Egypt is believed to have the largest prevalence of the Hepatitis C Virus (HCV) in the world, with 7% of the population – approximately eight million people – infected. Hep C is a disease that costs the country thousands of lives and millions of dollars. However, through some clever manoeuvres, the country has become the place to go to get cured on the cheap… and enjoy a package holiday.
First, a bit of background on Egypt’s history with Hep C
Egypt’s tumultuous history with the disease originated in the 1960s when a widespread government campaign to treat Egyptians suffering from the parasitic disease schistosomiasis (known locally as bilharzia) went very, very wrong.
Unsterilised needles were used to inject millions of villagers across the country. These were likely contaminated with the blood-borne HCV and resulted in the current epidemic.
According to the World Health Organisation (WHO), an estimated 71 million people have chronic hepatitis C infection, and the majority of them (in low-income countries) lack access to life-saving testing and treatment. This was true for Egypt until recently.
The WHO also noted that the virus kills an estimated 40 000 Egyptians each year and at least 1 in 10 of the population aged 15 to 59 is infected.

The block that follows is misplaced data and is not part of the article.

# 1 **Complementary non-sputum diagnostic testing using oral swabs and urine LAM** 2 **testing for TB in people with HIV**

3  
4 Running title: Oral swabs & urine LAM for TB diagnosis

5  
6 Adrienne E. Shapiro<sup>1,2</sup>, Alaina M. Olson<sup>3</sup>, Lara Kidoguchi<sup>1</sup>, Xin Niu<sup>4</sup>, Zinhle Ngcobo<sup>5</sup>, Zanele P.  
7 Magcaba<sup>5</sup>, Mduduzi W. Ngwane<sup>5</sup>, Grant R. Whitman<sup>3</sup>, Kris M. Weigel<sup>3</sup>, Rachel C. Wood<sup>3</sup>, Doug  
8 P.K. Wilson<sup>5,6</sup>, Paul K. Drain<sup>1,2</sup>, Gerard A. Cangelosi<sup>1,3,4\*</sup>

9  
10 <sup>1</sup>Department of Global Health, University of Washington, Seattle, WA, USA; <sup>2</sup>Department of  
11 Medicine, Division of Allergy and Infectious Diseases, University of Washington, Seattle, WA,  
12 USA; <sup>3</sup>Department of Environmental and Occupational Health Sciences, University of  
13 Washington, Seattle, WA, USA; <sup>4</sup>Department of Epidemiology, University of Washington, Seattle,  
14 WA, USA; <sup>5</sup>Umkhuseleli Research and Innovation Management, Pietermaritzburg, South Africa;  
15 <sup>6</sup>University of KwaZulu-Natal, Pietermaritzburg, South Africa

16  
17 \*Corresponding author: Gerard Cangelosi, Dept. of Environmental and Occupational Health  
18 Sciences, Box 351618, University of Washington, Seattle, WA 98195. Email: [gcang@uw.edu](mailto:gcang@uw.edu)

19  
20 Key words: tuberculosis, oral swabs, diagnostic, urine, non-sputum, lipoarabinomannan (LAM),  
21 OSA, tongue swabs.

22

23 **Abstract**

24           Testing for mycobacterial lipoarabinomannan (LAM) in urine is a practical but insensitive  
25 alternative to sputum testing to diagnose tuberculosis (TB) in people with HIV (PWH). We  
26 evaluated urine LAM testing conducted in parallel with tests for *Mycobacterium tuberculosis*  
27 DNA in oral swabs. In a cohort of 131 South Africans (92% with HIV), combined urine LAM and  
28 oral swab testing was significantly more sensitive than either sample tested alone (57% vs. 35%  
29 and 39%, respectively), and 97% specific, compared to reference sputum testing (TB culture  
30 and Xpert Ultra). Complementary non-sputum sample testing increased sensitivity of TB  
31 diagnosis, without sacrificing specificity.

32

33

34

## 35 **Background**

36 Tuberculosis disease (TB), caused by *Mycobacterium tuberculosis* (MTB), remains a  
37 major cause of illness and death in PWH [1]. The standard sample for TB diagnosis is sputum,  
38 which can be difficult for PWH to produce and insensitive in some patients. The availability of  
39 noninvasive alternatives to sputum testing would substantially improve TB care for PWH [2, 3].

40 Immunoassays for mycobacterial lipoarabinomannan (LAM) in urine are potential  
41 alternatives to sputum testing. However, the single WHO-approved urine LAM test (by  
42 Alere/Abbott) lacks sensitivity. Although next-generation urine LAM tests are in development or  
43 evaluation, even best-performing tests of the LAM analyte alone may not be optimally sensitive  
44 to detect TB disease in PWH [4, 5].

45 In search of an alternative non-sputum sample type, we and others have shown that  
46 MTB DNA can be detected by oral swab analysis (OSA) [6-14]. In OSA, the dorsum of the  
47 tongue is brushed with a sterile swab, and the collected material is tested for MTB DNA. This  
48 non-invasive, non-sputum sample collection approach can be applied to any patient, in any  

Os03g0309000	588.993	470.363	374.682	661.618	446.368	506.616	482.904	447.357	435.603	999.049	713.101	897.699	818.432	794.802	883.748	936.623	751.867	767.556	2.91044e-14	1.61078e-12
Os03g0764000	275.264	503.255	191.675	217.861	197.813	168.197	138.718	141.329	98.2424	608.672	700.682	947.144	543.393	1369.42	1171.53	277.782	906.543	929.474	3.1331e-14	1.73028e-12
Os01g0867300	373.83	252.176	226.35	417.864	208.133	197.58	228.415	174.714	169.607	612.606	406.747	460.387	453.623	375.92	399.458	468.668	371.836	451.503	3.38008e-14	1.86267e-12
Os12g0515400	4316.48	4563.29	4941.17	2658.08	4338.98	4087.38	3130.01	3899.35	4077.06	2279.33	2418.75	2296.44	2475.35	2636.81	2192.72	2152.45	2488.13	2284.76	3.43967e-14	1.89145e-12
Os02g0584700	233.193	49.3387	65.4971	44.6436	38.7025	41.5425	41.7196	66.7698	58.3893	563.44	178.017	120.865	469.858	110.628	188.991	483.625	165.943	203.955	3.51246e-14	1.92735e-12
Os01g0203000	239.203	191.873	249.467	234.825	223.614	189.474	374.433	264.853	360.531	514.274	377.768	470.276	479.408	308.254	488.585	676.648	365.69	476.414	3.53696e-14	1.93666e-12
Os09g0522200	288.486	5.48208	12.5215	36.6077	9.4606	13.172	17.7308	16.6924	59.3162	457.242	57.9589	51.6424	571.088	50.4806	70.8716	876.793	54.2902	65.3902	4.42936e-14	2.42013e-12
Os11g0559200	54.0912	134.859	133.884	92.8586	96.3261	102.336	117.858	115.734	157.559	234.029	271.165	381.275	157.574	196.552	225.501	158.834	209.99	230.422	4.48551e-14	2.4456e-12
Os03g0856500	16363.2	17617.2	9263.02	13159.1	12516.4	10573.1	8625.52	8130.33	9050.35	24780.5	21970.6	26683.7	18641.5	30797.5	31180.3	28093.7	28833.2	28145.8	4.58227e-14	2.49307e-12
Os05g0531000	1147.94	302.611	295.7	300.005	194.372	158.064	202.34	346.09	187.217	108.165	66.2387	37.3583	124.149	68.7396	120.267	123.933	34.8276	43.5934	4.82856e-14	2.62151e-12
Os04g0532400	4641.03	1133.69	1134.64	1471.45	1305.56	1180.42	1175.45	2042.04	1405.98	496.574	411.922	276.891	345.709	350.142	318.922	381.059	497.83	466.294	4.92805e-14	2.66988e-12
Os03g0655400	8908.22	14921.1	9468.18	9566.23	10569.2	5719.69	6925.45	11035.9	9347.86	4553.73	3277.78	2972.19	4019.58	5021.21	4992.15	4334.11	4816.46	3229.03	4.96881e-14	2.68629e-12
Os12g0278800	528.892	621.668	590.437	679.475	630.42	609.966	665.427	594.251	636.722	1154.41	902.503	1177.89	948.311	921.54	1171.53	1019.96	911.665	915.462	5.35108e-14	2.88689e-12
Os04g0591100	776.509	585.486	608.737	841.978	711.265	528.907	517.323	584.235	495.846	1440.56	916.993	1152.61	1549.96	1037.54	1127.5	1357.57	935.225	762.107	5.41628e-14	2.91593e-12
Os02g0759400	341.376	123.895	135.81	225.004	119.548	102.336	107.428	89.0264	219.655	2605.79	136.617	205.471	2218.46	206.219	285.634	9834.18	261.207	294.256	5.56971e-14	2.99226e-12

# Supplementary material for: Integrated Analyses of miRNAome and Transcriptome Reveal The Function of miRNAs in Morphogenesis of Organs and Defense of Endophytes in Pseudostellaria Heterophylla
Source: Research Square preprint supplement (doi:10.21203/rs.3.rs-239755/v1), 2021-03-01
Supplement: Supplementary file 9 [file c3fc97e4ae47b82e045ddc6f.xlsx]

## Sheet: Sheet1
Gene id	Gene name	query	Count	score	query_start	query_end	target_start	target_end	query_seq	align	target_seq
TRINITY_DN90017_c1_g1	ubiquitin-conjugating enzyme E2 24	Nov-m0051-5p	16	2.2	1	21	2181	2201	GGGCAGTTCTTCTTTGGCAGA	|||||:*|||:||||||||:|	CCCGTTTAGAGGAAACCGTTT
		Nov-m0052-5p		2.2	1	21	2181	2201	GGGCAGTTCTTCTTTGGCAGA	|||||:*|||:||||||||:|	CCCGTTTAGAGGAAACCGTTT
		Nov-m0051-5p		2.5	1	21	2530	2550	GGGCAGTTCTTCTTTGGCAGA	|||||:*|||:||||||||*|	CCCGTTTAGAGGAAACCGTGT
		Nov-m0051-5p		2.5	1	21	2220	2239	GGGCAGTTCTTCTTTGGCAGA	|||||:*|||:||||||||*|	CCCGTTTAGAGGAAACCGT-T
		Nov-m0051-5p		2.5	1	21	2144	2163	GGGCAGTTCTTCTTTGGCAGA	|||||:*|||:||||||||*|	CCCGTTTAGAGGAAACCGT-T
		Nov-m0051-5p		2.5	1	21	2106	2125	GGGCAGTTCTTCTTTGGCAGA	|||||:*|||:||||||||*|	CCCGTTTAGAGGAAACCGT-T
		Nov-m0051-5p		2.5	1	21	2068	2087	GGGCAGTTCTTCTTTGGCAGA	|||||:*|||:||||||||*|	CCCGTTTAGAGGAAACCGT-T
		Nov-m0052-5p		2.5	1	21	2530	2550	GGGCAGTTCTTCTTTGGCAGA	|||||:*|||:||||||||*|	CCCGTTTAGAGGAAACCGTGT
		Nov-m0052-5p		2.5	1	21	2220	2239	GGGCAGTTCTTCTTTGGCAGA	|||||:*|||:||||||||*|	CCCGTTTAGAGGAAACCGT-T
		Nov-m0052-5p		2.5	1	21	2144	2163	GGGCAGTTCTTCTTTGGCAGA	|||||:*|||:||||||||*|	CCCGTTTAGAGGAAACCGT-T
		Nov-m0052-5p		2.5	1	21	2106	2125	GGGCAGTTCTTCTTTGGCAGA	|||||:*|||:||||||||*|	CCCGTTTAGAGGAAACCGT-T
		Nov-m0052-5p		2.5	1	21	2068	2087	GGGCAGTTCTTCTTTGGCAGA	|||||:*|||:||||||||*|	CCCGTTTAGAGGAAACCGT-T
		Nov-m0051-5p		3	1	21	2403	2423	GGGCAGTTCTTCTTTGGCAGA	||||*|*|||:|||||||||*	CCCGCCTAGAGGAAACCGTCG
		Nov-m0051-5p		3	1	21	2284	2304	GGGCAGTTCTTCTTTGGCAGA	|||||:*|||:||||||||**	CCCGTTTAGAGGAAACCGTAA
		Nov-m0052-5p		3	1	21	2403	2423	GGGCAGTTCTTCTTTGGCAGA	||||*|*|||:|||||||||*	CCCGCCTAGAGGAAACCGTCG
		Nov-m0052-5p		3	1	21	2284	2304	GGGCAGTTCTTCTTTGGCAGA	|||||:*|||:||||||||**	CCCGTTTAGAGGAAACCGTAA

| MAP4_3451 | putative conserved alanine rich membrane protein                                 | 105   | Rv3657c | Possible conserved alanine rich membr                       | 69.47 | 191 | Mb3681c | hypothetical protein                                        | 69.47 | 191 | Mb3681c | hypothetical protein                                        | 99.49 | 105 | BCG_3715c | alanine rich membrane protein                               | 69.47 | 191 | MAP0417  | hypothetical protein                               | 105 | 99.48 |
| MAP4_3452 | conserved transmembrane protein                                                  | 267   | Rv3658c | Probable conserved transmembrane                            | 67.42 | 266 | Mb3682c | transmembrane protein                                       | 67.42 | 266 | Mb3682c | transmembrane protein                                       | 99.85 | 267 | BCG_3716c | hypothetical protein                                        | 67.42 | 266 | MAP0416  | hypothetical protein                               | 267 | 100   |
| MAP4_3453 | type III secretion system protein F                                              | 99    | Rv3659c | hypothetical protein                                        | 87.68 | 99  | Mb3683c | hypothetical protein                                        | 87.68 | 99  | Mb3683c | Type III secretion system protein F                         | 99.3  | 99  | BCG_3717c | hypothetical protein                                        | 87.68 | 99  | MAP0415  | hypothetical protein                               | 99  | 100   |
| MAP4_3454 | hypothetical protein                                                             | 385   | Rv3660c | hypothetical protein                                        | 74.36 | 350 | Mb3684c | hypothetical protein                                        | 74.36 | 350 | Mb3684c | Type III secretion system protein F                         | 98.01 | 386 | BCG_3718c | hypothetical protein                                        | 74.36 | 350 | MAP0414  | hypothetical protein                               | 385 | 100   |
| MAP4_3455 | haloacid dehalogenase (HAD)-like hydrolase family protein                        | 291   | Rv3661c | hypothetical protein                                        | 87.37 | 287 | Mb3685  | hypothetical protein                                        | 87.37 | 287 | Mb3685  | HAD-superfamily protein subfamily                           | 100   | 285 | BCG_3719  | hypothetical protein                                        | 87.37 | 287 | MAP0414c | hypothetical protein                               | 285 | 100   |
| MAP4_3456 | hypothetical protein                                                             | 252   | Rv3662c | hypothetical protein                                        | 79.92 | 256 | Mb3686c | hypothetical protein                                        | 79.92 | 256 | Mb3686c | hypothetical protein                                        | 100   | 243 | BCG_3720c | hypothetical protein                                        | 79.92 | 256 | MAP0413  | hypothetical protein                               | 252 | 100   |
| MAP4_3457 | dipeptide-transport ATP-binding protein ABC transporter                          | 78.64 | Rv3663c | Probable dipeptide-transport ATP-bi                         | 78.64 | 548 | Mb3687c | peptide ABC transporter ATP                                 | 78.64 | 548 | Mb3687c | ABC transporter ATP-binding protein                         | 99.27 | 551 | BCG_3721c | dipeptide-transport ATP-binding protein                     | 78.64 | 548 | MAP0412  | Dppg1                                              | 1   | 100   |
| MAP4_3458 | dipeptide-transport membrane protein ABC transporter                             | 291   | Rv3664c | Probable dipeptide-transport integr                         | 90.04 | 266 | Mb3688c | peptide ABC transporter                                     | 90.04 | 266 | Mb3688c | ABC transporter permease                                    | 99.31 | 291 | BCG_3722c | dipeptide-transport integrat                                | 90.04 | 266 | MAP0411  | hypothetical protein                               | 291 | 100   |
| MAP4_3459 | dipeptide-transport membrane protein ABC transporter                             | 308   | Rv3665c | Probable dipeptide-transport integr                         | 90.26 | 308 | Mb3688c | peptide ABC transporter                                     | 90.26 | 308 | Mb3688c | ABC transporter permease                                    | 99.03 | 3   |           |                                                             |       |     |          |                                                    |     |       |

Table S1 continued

Changing the narrative
In the last five years, the country has made great strides in lowering the rates of one of their most imminent public health threats thanks to intervention from the World Health Organisation (WHO) and a landmark deal with California-based pharma giant Gilead Sciences in 2014. Under this agreement, Egypt was allowed to purchase their three-month course of Hep C medication, Sovaldi, for $900 per person — a massive discount compared with the $84,000 then charged for the same treatment in the US.
The system put in place by Egyptian health officials ensured there would be no leakage of the drug to other markets.
However, the entrepreneurial Egyptians found a way around this red tape.
Taking one step further, the Egyptian program came to rely on even cheaper alternatives to Sovaldi that are produced locally, with a three-month course of medication costing as little as $80.
The success of Egypt’s Hep C program and access to extremely cheap cures sparked the country’s venture into medical tourism.
Tour n’ Cure
Back in 2016, Egypt’s Health, and Tourism and Aviation Ministries, in collaboration with Prime Pharma and its affiliate, Pharco Pharmaceuticals, an Alexandria-based generics maker, launched the Tour n’ Cure campaign. The campaign has been a huge success and the Government even managed to score soccer superstar, Lionel Messi, as an ambassador for the campaign.
For around $7000, Tour n’ Cure offers flights, a week’s stay at a five-star hotel in Cairo or Sharm el-Sheikh, blood tests, three months’ worth of treatment (which is completed upon the patients’ return to their own country), follow-ups and excursions to Egypt’s historic landmarks.
To date, the country has cured of a million people who were suffering from Hep C, many of whom were medical tourists from overseas.
There are those who frown upon these practices believing that they may deter innovators like Gilead from entering into agreements with governments in need in the future. It opens up the larger debate of drug pricing and how one country’s cures can range so drastically in price compared to others.
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